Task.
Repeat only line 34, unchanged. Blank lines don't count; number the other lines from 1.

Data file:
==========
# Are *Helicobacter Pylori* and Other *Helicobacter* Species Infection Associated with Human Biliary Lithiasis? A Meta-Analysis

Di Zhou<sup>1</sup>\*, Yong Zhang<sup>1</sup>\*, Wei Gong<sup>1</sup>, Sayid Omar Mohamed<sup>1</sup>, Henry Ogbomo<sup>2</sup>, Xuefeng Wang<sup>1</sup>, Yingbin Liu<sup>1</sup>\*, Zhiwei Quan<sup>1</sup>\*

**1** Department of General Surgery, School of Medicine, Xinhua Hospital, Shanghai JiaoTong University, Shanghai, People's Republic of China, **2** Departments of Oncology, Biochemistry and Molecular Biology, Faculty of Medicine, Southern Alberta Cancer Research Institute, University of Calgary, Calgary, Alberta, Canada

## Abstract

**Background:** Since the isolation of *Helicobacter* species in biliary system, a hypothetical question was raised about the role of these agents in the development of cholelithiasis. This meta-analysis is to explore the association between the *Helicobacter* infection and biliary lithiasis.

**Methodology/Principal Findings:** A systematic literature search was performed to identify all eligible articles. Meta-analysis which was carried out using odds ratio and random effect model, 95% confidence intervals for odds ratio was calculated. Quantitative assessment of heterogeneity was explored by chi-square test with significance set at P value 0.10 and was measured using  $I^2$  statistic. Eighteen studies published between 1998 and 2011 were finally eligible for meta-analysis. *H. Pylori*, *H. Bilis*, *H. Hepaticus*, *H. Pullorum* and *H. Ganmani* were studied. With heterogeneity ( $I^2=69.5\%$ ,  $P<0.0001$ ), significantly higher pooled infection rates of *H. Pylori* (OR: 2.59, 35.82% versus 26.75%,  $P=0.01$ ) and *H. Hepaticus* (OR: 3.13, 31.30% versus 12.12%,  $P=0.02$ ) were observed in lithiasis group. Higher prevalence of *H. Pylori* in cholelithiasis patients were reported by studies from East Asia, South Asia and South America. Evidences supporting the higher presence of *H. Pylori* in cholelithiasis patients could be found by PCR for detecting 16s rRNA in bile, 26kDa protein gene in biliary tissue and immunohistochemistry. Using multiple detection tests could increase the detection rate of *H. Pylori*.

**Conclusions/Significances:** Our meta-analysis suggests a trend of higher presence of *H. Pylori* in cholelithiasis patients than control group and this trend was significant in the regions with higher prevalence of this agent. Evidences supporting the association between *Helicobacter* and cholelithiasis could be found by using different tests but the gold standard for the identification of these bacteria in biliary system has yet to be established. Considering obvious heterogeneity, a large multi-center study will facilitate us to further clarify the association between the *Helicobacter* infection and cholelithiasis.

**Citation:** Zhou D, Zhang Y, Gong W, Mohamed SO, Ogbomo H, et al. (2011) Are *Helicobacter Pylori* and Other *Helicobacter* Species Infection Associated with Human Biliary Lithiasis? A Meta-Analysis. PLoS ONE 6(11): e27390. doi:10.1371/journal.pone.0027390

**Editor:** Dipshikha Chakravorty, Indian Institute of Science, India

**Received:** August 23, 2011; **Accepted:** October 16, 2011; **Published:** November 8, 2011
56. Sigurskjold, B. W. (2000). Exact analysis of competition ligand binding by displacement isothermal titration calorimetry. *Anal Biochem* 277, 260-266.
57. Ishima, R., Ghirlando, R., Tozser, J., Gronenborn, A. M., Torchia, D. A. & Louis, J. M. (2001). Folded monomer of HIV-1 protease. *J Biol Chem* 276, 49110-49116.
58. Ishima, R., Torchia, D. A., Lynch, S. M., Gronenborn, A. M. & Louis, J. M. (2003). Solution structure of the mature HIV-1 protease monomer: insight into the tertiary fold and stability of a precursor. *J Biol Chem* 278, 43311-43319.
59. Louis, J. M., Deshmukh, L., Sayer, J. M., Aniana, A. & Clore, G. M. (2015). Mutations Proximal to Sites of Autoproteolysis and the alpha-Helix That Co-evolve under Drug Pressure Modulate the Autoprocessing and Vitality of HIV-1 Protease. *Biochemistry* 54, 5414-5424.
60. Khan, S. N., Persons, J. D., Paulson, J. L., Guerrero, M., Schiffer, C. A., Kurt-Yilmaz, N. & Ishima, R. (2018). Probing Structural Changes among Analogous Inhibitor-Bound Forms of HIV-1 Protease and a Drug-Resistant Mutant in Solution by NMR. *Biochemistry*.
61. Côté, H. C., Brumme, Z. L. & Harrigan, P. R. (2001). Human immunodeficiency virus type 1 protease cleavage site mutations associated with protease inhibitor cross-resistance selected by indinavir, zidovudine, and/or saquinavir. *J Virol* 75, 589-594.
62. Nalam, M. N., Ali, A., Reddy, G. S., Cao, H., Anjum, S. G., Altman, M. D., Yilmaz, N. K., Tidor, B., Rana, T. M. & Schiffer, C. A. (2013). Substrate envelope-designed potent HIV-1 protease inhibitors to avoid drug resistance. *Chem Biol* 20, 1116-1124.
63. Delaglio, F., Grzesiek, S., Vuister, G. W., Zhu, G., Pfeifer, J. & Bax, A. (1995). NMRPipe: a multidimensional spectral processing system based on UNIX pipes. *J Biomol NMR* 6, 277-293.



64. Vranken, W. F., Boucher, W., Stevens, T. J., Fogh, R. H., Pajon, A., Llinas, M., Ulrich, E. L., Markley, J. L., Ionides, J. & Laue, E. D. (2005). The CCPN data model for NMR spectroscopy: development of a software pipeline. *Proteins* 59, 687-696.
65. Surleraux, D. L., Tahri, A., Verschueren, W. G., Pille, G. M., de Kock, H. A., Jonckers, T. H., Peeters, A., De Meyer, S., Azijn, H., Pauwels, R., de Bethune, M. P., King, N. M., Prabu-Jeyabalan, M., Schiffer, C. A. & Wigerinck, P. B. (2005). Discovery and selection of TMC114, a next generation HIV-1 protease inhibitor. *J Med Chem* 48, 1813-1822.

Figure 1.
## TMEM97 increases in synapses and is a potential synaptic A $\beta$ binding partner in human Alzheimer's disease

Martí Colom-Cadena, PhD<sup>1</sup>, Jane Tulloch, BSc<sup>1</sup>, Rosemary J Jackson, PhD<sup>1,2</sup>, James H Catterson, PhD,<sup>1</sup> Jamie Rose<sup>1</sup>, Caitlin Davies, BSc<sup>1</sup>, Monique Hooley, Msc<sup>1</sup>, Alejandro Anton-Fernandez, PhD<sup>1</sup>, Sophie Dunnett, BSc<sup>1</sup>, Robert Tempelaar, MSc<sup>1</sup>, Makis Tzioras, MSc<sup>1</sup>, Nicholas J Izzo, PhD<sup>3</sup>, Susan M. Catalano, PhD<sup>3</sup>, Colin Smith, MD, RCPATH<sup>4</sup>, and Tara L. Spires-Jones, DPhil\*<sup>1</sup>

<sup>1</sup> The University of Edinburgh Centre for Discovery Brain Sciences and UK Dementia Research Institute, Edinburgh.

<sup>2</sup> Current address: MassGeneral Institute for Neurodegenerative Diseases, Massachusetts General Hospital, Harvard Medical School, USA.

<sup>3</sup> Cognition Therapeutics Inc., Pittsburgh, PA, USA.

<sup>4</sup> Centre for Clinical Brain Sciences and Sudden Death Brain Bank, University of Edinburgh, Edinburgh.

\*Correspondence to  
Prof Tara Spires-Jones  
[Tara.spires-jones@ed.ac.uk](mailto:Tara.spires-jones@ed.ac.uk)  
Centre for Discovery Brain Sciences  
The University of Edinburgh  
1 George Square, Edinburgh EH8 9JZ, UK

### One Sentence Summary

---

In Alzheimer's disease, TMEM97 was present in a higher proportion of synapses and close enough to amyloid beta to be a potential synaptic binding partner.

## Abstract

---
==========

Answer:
### One Sentence Summary